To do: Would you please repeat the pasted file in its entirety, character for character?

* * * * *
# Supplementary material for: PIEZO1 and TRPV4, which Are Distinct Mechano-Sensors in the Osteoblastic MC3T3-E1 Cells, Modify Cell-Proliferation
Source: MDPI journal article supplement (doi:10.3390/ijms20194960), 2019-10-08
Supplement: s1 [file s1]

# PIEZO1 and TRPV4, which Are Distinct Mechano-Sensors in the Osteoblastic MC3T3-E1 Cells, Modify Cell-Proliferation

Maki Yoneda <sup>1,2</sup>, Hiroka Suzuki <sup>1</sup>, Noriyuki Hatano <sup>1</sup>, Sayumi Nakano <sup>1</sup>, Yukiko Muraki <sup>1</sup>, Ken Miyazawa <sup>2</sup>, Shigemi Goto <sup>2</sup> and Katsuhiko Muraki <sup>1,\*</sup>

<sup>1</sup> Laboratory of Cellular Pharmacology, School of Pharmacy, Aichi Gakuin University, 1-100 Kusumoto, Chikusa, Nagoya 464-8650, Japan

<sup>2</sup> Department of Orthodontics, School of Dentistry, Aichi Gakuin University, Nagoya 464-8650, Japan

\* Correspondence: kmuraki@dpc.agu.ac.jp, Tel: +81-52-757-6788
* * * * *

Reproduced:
# Supplementary material for: PIEZO1 and TRPV4, which Are Distinct Mechano-Sensors in the Osteoblastic MC3T3-E1 Cells, Modify Cell-Proliferation
Source: MDPI journal article supplement (doi:10.3390/ijms20194960), 2019-10-08
Supplement: s1 [file s1]

# PIEZO1 and TRPV4, which Are Distinct Mechano-Sensors in the Osteoblastic MC3T3-E1 Cells, Modify Cell-Proliferation

Maki Yoneda <sup>1,2</sup>, Hiroka Suzuki <sup>1</sup>, Noriyuki Hatano <sup>1</sup>, Sayumi Nakano <sup>1</sup>, Yukiko Muraki <sup>1</sup>, Ken Miyazawa <sup>2</sup>, Shigemi Goto <sup>2</sup> and Katsuhiko Muraki <sup>1,\*</sup>

<sup>1</sup> Laboratory of Cellular Pharmacology, School of Pharmacy, Aichi Gakuin University, 1-100 Kusumoto, Chikusa, Nagoya 464-8650, Japan

<sup>2</sup> Department of Orthodontics, School of Dentistry, Aichi Gakuin University, Nagoya 464-8650, Japan

\* Correspondence: kmuraki@dpc.agu.ac.jp, Tel: +81-52-757-6788